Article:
Case

Inquest in to the death of Geoff Gray

20.06.19

Practice Areas

Inquests

On 20.06.19, HH Peter Rook QC delivered detailed factual findings and a combined narrative and short form conclusion in the fresh inquest into the death of Pte Geoff Gray at Deepcut barracks on 17 September 2001. Nicholas Moss represented the Ministry of Defence and individual soldiers/civil servants, leading Richard Boyle (TGC), Georgina Wolfe and Cicely Hayward (5 Essex Court). The inquest sat for 28 days over 2½ months, and received evidence from 105 witnesses.

On 20.06.19, HH Peter Rook QC delivered detailed factual findings and a combined narrative and short form conclusion in the fresh inquest into the death of Pte Geoff Gray at Deepcut barracks on 17 September 2001. Nicholas Moss represented the Ministry of Defence and individual soldiers/civil servants, leading Richard Boyle (TGC), Georgina Wolfe and Cicely Hayward (5 Essex Court). The inquest sat for 28 days over 2½ months, and received evidence from 105 witnesses.

The short form conclusion was “suicide”. Following the decision in Maughan [2019] EWCA Civ 809, the Coroner applied the civil standard of proof but was in any event satisfied to the criminal standard of proof that the death was by suicide.

As had been accepted in concessions made by MOD, the Coroner found that greater attention should have been paid to the self-harm risks of young trainees carrying out armed guard duty. The narrative findings in the Record of Inquest were that:

“At approximately 01.10 hours on 17 September 2001 in the grounds of the Officers’ Mess at the Princess Royal Barracks, Deepcut, Surrey, Private Geoff Gray shot himself with a SA80 rifle that was set to automatic, causing two wounds to the head. He died rapidly at the place where his body was found. No third party was involved in the shooting. At the time Geoff fired the shots he intended to take his own life, although that state of mind may have only been transient.

Geoff’s actions could not reasonably have been anticipated at the time. He did not suffer with any known psychological difficulties nor had he been the recipient of any ill treatment. Any concerns Geoff may have had did not relate to the camp regime. However the army had failed adequately to address the risk of self-harm that might arise in respect of young and inexperienced trainees performing guard duty with unsupervised access to firearms. Proposals that trainees should not provide the Barracks’ guard, but be replaced with a professional guard force had not yet been acted upon.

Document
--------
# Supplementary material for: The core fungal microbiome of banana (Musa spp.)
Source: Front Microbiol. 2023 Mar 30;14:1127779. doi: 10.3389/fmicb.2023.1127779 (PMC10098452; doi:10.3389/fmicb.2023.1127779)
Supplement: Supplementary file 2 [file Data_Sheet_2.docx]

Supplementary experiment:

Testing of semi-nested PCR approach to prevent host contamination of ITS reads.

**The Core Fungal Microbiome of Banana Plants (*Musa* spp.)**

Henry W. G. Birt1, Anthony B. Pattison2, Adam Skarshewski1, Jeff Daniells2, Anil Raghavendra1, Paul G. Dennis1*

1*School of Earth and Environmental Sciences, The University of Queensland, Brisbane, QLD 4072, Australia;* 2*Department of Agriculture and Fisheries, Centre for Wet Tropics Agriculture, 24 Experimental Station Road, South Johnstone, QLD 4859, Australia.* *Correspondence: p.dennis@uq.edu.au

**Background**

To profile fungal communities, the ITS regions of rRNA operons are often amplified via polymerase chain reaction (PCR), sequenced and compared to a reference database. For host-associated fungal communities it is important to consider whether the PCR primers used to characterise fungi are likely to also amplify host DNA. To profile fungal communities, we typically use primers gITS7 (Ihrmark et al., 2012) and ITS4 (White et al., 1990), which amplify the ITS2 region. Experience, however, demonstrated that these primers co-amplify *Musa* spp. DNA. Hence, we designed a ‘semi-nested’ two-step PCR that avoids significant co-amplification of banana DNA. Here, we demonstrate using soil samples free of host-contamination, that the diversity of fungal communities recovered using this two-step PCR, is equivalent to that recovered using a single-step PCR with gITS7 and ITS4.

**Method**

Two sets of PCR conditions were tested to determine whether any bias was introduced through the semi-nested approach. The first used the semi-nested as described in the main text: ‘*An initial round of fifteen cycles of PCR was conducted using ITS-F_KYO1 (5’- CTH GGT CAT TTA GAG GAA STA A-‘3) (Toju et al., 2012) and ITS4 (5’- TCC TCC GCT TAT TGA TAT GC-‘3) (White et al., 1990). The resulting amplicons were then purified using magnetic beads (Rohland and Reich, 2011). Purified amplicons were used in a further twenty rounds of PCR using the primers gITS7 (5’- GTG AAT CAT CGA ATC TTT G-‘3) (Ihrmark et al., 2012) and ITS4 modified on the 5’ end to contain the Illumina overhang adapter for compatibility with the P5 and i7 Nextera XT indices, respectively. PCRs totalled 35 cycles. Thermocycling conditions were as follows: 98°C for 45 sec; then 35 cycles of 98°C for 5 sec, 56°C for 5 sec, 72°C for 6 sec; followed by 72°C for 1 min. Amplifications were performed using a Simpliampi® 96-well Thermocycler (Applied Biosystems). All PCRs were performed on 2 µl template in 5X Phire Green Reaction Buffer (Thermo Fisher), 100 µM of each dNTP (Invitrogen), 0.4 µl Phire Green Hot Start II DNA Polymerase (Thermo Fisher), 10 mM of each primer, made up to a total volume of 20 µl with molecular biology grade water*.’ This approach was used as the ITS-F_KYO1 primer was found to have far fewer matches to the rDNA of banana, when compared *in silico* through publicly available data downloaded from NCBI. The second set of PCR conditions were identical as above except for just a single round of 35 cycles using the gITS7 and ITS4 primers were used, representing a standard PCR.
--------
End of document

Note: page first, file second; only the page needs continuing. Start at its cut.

While it was entirely Geoff’s decision to take his own life, the above failures provided Geoff with an opportunity to go to an isolated location with a firearm where he could act as he did.”

Noting a wide range of improvements evidenced by the Army (including in guarding arrangements, training supervisory ratios, de-stigmatisation of soldiers seeking welfare support, and in Trauma Risk Management), the Coroner decided it was not necessary to make any Preventing Future Deaths Report to the Ministry of Defence, stating,

“In the light of the changes in structure, culture and practice since Geoff’s death, the evidence at this inquest has not revealed to me any area where it appears that the army have either not already taken action or are not cognisant of and already pursuing the relevant action to prevent future deaths.”

The Coroner was strongly critical of the failings in the original investigations into the death. A PFD report was issued to the Chief Coroner and the President of Royal College of Pathologists concerning the desirability of further guidance being issued on the type of post-mortem to be carried out in cases of death by gunshot wounds, even if the initial evidential inquiries point to self-infliction. In Geoff Gray’s case, a normal Coroner’s post-mortem had been carried out, not a forensic post-mortem.


Related Barristers


Richard Boyle

Richard Boyle
Year of Call: 2012


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